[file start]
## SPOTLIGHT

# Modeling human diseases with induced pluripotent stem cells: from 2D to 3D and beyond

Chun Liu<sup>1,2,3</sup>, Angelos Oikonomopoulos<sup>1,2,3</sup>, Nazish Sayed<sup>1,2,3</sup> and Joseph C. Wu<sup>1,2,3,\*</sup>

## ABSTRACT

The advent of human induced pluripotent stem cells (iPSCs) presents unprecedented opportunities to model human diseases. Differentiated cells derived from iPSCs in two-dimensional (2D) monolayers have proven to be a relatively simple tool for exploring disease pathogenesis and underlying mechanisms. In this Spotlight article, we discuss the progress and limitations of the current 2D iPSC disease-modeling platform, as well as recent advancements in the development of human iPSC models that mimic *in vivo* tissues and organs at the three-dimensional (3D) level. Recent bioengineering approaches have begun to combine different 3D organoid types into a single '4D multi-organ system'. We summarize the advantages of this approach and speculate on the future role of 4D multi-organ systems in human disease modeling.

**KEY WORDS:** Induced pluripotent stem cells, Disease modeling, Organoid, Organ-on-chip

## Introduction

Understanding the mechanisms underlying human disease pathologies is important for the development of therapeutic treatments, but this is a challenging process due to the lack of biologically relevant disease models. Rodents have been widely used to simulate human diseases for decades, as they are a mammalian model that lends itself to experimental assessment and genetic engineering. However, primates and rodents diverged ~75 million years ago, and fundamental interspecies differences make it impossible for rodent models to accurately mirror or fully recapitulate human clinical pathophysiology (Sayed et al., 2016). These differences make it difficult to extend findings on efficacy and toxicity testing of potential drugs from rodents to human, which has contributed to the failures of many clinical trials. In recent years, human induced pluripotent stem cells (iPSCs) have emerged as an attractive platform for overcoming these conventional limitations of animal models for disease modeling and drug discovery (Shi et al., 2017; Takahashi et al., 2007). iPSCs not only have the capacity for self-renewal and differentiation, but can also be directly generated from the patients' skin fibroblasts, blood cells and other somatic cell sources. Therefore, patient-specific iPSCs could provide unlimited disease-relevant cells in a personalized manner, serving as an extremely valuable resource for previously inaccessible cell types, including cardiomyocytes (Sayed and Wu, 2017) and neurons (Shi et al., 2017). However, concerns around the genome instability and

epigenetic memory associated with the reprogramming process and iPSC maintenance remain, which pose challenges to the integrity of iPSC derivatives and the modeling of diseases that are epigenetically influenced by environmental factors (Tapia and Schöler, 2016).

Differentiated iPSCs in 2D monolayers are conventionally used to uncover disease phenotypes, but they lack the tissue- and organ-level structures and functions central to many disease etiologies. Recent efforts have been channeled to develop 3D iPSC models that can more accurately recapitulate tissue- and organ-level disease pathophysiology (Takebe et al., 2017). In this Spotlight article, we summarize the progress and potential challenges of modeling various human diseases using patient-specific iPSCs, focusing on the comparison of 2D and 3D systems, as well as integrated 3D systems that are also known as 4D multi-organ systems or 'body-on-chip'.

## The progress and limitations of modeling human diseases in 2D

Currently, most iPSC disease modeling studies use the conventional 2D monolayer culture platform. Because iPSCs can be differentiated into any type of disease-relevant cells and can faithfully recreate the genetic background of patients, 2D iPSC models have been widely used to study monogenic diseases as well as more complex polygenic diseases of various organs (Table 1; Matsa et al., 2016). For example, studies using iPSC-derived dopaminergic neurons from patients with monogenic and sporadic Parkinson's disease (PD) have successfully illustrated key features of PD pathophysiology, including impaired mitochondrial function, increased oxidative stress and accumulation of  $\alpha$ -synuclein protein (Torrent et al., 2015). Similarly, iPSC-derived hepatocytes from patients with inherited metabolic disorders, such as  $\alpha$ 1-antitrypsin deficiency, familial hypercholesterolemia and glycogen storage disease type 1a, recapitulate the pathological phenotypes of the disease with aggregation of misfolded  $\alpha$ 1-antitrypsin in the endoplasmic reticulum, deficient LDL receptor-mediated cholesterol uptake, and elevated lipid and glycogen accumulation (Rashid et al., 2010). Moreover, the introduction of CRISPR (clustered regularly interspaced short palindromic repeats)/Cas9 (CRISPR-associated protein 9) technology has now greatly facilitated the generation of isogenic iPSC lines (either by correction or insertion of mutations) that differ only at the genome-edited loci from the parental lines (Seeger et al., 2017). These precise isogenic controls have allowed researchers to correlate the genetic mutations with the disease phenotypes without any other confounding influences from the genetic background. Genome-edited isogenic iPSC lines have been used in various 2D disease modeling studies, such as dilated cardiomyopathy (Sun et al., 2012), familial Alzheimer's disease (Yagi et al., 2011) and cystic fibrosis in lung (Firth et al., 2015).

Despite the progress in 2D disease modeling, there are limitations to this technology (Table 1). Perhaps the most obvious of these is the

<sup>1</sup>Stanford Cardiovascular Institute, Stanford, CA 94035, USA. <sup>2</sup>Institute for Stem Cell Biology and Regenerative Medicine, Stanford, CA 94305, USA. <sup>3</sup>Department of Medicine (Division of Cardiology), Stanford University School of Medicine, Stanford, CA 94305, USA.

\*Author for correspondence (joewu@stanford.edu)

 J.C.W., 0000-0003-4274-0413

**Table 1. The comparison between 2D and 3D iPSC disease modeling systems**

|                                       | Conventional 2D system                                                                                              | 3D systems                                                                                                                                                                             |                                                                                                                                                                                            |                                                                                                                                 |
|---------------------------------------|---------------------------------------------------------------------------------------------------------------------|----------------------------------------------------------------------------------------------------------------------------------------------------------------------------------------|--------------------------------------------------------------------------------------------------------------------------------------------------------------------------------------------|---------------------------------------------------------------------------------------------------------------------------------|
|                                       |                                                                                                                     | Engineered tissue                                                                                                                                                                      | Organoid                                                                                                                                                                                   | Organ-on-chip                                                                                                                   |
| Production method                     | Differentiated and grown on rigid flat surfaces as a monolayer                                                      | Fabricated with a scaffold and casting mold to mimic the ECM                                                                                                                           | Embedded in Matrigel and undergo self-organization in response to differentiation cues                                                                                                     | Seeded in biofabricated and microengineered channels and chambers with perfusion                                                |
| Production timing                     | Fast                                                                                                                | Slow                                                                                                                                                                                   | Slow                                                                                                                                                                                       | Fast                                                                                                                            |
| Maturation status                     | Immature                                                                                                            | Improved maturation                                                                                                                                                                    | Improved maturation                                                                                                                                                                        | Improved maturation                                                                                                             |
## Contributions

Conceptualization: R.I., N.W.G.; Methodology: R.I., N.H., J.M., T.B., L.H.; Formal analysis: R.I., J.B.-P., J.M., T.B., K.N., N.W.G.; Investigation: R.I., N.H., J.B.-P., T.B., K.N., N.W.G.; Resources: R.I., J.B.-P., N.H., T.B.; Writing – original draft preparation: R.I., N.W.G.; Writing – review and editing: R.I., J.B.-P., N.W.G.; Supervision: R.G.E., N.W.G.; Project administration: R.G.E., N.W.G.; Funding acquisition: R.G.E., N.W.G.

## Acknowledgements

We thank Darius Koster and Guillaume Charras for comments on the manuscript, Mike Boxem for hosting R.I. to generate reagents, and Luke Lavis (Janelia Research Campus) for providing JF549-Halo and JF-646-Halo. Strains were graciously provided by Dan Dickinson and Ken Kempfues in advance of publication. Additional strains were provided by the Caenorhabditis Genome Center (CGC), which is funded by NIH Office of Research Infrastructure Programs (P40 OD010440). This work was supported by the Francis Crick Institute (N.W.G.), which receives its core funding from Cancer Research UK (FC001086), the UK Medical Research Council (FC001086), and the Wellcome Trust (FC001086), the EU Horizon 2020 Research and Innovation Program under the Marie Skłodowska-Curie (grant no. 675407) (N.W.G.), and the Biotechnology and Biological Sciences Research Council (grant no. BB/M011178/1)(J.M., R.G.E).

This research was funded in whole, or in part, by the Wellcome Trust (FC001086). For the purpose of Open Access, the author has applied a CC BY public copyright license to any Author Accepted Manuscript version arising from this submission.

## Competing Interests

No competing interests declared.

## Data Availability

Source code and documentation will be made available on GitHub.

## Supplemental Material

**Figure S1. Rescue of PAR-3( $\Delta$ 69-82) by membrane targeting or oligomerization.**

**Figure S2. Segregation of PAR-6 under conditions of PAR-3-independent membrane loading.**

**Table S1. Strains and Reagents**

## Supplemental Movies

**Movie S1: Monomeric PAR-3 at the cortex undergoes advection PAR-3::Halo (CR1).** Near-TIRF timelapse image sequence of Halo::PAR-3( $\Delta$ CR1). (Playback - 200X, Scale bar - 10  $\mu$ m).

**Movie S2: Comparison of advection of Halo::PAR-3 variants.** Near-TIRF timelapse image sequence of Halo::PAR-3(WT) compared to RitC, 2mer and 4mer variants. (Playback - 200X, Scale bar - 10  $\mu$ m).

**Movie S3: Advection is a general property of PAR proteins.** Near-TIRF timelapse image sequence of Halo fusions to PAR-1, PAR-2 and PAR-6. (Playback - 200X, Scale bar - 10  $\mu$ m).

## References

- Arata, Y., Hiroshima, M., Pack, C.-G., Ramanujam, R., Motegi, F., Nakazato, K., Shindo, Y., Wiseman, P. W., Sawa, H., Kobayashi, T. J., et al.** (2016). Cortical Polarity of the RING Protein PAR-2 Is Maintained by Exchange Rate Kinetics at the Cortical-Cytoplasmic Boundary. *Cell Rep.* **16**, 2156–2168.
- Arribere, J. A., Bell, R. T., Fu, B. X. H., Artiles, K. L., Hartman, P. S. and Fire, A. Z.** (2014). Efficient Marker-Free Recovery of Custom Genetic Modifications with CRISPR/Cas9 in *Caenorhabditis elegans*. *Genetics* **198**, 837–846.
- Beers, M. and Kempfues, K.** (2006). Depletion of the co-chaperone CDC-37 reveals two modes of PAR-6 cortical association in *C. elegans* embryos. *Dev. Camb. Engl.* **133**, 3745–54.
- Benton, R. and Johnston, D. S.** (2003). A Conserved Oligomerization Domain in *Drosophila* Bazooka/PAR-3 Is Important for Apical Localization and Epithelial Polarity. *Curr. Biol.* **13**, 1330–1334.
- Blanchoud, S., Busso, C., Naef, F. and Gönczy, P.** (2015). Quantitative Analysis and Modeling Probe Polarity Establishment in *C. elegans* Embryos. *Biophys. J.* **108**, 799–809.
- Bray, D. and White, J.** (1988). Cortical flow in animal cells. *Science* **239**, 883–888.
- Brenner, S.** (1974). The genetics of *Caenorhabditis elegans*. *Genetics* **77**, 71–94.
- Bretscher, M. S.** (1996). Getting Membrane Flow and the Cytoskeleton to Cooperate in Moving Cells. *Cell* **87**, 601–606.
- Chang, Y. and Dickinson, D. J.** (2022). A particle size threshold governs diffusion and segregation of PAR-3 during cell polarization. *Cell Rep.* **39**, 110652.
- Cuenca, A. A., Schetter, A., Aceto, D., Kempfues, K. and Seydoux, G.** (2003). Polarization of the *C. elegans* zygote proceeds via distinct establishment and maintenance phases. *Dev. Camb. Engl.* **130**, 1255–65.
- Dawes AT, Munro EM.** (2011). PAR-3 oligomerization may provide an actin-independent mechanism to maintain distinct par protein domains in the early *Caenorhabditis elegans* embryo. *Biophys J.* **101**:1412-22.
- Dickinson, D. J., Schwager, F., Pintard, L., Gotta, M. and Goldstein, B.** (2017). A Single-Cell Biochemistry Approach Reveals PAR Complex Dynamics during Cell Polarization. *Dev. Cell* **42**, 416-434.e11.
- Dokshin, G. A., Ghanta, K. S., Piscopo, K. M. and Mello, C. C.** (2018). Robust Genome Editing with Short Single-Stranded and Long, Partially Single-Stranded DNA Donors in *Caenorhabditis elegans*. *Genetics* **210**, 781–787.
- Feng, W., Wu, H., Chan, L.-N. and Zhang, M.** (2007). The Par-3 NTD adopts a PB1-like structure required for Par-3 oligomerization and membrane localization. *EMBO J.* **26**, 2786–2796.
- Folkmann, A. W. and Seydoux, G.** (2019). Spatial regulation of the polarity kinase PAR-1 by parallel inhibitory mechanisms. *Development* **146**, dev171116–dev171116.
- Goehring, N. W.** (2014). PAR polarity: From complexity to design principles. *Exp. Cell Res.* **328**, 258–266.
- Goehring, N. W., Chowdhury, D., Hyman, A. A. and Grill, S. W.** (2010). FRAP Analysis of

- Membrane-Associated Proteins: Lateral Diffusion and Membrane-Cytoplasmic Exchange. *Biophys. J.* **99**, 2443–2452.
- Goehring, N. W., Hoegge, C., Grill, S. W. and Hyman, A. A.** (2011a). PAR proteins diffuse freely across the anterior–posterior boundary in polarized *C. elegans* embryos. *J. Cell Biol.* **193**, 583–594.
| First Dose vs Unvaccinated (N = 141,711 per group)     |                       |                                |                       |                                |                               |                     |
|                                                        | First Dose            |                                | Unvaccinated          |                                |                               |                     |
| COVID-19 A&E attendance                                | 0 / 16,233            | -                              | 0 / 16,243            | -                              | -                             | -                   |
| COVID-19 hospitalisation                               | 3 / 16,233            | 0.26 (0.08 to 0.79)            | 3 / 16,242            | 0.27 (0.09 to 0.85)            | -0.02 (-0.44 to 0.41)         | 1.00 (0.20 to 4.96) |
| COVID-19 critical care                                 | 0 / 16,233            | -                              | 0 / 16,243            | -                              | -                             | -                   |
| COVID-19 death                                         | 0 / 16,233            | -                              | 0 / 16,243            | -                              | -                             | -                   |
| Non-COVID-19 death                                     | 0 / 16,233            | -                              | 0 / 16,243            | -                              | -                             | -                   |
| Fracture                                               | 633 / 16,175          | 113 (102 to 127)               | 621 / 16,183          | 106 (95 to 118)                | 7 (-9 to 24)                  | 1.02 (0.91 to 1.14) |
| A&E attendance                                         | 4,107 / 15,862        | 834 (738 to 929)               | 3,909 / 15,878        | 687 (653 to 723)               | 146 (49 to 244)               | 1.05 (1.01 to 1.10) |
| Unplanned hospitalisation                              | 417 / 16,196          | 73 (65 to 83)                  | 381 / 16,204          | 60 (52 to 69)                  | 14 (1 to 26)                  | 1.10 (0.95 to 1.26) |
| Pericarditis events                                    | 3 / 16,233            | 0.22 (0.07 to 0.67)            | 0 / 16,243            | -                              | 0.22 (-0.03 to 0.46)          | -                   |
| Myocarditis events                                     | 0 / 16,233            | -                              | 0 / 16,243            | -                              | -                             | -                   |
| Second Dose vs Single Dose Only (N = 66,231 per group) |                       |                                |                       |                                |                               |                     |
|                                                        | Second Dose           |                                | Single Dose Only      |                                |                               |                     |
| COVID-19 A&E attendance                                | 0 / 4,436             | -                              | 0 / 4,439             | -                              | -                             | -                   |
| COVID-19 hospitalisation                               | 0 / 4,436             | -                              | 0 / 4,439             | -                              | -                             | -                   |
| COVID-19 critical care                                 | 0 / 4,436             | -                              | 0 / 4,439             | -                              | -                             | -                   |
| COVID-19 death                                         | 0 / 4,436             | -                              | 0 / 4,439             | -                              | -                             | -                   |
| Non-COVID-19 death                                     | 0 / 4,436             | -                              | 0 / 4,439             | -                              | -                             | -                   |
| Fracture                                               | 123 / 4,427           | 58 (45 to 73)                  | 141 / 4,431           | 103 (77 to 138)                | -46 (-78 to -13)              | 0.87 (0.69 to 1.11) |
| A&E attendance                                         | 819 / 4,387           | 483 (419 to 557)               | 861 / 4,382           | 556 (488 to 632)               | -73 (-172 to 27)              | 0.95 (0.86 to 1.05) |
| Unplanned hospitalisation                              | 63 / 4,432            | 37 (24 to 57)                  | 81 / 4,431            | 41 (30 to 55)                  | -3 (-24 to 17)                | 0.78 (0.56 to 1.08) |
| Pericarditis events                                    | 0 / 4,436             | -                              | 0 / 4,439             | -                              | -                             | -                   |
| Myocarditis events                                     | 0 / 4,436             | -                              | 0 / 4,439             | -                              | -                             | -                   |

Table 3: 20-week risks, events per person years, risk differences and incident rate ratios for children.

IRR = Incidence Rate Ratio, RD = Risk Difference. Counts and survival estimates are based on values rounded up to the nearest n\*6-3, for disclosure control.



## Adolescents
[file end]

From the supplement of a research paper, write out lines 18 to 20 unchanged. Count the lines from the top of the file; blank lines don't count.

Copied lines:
|                                       | Conventional 2D system                                                                                              | 3D systems                                                                                                                                                                             |                                                                                                                                                                                            |                                                                                                                                 |
|---------------------------------------|---------------------------------------------------------------------------------------------------------------------|----------------------------------------------------------------------------------------------------------------------------------------------------------------------------------------|--------------------------------------------------------------------------------------------------------------------------------------------------------------------------------------------|---------------------------------------------------------------------------------------------------------------------------------|
|                                       |                                                                                                                     | Engineered tissue                                                                                                                                                                      | Organoid                                                                                                                                                                                   | Organ-on-chip                                                                                                                   |